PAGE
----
Panel 3. A shot outside of the hospital. Nameless suited men and women walk with rushed paces, cell phones to their ears. A bustling city around them. (This however doesn’t work. You’re trying to go with the same technique as in your previous panel, but three things prevent it from being effective. First, there’s no real relation between the dialogue and the art, either in opposition or in conjugation. Second, nothing links this to the previous panel or even the one before; the shot could come from an entirely different story. And third, your camera is moving too far and too fast. You took us out into the hallway, now you need to bring us back in again, not fling us to some random location. This is a VERY short comic. You don’t have the panel-count to waste on sight-seeing.)

 

CAPTION/DOCTOR

It’s not unreasonable to think we could extend your life expectancy another ten years beyond what was previously thought possible.” (If you were to keep this shot, the quotation marks would work here because the doctor is absent form the depicted scene. But this panel needs to change anyway.)

 

Panel 4. Hans turns slightly toward the Doctor, smirking.

 

HANS

Doc, I’m 157 years old already–

 

Panel 5. A graveyard. Hans in a black suit standing before a gravestone that reads the following: Elizabeth Jeager, 1923 – 2032, Beloved Mother & Wife. (Too much, too soon in too little space. If your earlier romp through the city was a slight bend in your story’s flight-plan, this is a huge detour that will have you running out of fuel and crashing. In the space of a single page – which I’ll remind you is a full quarter of your comic – you’ve had the camera visit four separate locations (three if your count the hallway as part of the same location as the room but still). Don’t jerk your reader around like this; you’re going to give him narrative whiplash. If you want to make sure the reader doesn’t get pulled out of a short story, limit your locations to as few as possible. Right now, we have the WW2 setting, the futuristic hospital, and later the doctor’s house. Stick to those. Another reason to not use this shot is that it doesn’t bring anything useful to the story. Like I always say, writing comics is the art of cramming cargo ships of story into a thimble of space; it’s even truer for short comics, and doubly so for something that’s half the size of your run-of-the-mill short. What do you want to convey here? That his wife died a long time ago. Actually seeing her grave is unnecessary. What can you do that conveys the same idea but keeps the story rooted to the same location? Here’s my suggestion. Panel 4: instead of just smirking, Hans looks down at his hand. Panel 5: close up on his hand where we can see him rubbing a tarnished wedding band. Done.)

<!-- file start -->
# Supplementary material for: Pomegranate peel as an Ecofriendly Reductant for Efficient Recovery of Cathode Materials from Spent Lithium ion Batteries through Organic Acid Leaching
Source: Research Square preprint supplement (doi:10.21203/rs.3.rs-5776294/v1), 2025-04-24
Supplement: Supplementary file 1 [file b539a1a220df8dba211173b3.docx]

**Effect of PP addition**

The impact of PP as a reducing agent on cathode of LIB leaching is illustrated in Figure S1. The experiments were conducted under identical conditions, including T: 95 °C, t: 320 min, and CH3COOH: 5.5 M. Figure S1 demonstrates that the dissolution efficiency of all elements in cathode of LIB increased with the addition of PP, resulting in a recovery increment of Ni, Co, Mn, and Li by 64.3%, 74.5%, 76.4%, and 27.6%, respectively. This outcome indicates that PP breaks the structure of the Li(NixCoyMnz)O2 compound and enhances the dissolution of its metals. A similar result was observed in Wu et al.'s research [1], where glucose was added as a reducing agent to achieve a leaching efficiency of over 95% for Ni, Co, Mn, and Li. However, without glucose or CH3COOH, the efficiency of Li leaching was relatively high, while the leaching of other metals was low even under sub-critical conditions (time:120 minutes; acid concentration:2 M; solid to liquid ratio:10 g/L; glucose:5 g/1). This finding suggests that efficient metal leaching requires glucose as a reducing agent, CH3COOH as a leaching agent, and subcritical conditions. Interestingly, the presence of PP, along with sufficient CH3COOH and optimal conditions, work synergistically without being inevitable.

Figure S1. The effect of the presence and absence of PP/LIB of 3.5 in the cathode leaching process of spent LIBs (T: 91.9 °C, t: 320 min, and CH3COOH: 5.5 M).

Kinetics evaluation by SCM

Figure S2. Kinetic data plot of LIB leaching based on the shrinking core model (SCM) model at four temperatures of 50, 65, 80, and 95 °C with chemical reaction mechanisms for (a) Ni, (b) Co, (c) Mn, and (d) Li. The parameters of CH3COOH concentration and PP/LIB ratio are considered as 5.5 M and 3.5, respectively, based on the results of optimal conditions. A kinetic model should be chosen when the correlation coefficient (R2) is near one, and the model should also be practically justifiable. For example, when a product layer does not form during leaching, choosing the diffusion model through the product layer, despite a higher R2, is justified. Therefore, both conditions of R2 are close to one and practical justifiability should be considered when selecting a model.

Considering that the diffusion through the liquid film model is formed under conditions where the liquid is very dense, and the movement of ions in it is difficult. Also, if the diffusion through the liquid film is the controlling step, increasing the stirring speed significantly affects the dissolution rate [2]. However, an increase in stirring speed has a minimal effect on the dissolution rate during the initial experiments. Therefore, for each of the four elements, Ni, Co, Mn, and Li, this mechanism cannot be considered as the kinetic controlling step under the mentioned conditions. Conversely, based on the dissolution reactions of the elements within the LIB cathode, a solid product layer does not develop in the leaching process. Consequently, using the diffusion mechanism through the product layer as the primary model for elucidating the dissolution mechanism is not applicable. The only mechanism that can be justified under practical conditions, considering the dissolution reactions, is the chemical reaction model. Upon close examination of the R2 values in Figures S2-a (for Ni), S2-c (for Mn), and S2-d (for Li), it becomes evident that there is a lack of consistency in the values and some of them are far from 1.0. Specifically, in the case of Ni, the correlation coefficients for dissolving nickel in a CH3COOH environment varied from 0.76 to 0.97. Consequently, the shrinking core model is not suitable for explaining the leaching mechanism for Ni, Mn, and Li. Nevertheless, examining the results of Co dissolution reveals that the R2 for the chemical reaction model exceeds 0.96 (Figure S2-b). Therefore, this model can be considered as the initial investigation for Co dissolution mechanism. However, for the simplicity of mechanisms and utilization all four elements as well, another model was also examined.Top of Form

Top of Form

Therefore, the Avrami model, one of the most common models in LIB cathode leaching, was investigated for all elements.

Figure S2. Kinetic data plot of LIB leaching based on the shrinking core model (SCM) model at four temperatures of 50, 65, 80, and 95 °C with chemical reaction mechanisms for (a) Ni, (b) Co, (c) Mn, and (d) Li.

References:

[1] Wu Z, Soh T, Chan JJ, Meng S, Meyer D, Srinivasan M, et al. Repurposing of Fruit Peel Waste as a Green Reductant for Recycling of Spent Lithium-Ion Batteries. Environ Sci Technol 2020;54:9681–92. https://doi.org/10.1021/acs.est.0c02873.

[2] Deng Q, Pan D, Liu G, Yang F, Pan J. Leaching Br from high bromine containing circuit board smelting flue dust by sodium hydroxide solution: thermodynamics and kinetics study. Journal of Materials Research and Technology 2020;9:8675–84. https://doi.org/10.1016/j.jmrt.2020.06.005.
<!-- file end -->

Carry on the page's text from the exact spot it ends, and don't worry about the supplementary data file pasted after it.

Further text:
CAPTION/HANS

–Whatever I had worth living for was taken from me long ago.

 

P2, and it’s all about the pacing.

That’s what Yannick is talking about here. The pacing of the page is off. Since the previous page was off, that means that half the story has pacing issues.

When you’re writing, you have to think what images will not only tell the story you want to tell, but will also affect the reader in a way that you wish. These panels don’t do it. (I do like Yannick’s suggestion, though. It’s pitch-perfect for what’s being said.)